What goes up must come down.
That includes oil, which after its surge in the last session - its biggest one-day jump in a decade - on the weekend strike on Saudi Arabian oil installations fell back on Tuesday as the country downplayed the dent to crude supplies.
Prince Abdulaziz bin Salman, Saudi Arabia’s energy minister, said the country had restored half of its lost production, the output to be fully restored by the end of this month.
Brent crude stood down 6.4% at $64.60 a barrel in late deals, giving back a good portion of the last session’s headway.
And with that, many of the moves of the last session reversed a bit too.
Ethanol, for instance, ended down 1.4% at $1.378 a gallon in Chicago for October delivery, as RBOB gasoline fell 4.4% to $1.6752 in late trading.
‘No frost threat’
It was little surprise to see corn, a key ethanol feedstock, lower too, by 1.5% to $3.68 a bushel in Chicago for December delivery.
Also ranged against the grain was a resilient weekly US corn rating by the US Department of Agriculture, of 55% good or excellent, when investors had expected a 1 point decline.
The US weather outlook weighed too, with Richard Feltes at RJ O’Brien saying it leaned “negative” for prices, showing a “continuation of above-normal US crop area temperatures through September”, helping late development of a late running corn crop, as well as soybean one too.
Furthermore, there remain few worries of an imminent frost.
Karl Setzer at Agrivisor said that there was “no US frost threat for two weeks”.
‘Lowest in a decade’
The weakened expectations for ethanol consumption of corn returned focus to demand worries for US crop too.
Mr Setzer, saying that “thoughts are the action was overdone” in the last session, added that “this is especially the case in the grains and soybeans where the US is now getting overvalued in the global market”.
Terry Reilly at Futures International noted reports that Ukraine corn export prices “are the lowest in a decade”.
Still, at least soybeans had some protection from demand concerns by news of a further sale of US crop to Chinese importers, this time of 260,000 tonnes, taking to 720,000 tonnes the total in three trading days.
“Trade continues to talk up the likelihood that China will source 3m-5m tonnes of US soybeans,” RJ O’Brien’s Richard Feltes said.
Still, soybean futures for November ended lower, if less so than corn, dipping 0.6% to $8.93 ¾ a bushel.
“Trade is shrugging off the Chinese soybean buying from the past two session as cumulative bookings are still well behind a year ago,” Agrivisor’s Karl Setzer said.
The reversal in oil prices also took a toll on biodiesel feedstock soyoil, which for December ended down 0.8% at 29.99 cents a pound.
Paris rapeseed, which as a another raw material for biodiesel plants had also gained in the last session, closed down 0.5% at E386.00 a tonne in Paris, for November delivery.
Sticking with the oil theme, raw sugar futures for March closed down 1.4% at 10.94 cents a pound in New York, as support from the crude rally failed.
As Agritel said, “the relationship between oil and sugar is important with the common denominator between the two markets - ethanol”.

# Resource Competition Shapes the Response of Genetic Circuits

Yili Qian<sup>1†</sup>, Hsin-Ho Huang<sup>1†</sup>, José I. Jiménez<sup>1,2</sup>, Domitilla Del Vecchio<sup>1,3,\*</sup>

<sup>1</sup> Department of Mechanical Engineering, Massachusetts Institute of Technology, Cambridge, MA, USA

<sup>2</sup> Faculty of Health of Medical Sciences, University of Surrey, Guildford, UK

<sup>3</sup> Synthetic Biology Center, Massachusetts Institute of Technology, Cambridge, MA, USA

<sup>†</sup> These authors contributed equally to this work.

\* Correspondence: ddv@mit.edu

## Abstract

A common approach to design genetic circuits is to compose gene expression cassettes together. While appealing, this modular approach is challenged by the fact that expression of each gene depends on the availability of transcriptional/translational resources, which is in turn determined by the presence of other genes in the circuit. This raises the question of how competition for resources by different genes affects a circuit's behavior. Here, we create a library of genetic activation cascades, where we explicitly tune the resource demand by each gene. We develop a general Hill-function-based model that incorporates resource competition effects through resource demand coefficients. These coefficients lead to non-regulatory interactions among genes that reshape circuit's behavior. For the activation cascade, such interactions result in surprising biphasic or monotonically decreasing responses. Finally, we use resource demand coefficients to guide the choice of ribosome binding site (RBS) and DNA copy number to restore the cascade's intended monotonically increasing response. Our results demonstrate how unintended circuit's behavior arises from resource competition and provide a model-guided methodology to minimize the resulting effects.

Furthermore, while Abares and Rabobank both raised forecasts for the world sugar output deficit in 2019-20, neither were exactly bullish on prices, pointing to the large stocks with which the world will enter the season.
Jack Scoville at Price Futures also reminded of the India factor, and its large supplies, saying that reports “indicate that the country still has a large surplus of white sugar that probably must be exported.
“India is reporting very good monsoon rains and production prospects for this year are strong.”
‘Showers are finally to increase’
Back to the oil rally, and another knock on effect of the last session’s oil rally – a strengthening rouble – also reversed with crude.
The rouble stood down 0.7% against the dollar in late deals, improving the competitiveness of Russia’s exports, and so weighing on values of rival shippers such as France, where Paris wheat futures for December ended down 0.4% at E171.00 a tonne.
Chicago wheat for December fell 0.8% to $4.84 ¼ a bushel, with some pressure too from improved ideas of rain relief in Australia.
“Showers are finally expected to increase a bit later this week and next week in southern Queensland, northern New South Wales, and South Australia,” said Maxar.
That said, it added that “much more rainfall will still be needed for wheat”, and as a reminder of Australia’s woes, the Grain Industry Association of Western Australia downgraded its forecast for Western Australia’s crop by 660,000 tonnes to 6.79m tonnes.
“Hopes of an average season for Western Australian grain growers following rain in late August have been dashed with continuing warm dry conditions in the northern half of the state and recent frost events in the southern half,” the association said.
‘Will hamper harvesting’
Still, bulls had one straw to clutch on too, with one door reopening – that of worries over a slow North American spring cereals harvest – even as the oil rally closed.
In Canada’s Prairies, “rains across the region this week will hamper drydown and harvesting efforts, most notably in Manitoba”, Maxar said.
Although Minneapolis spring wheat for December could only put in a less weak performance than peers, ending down 0.5% at $5.06 ½ a bushel, oats posted gains, with the Chicago December lot ending up 0.3% at $2.81 ¼ a bushel.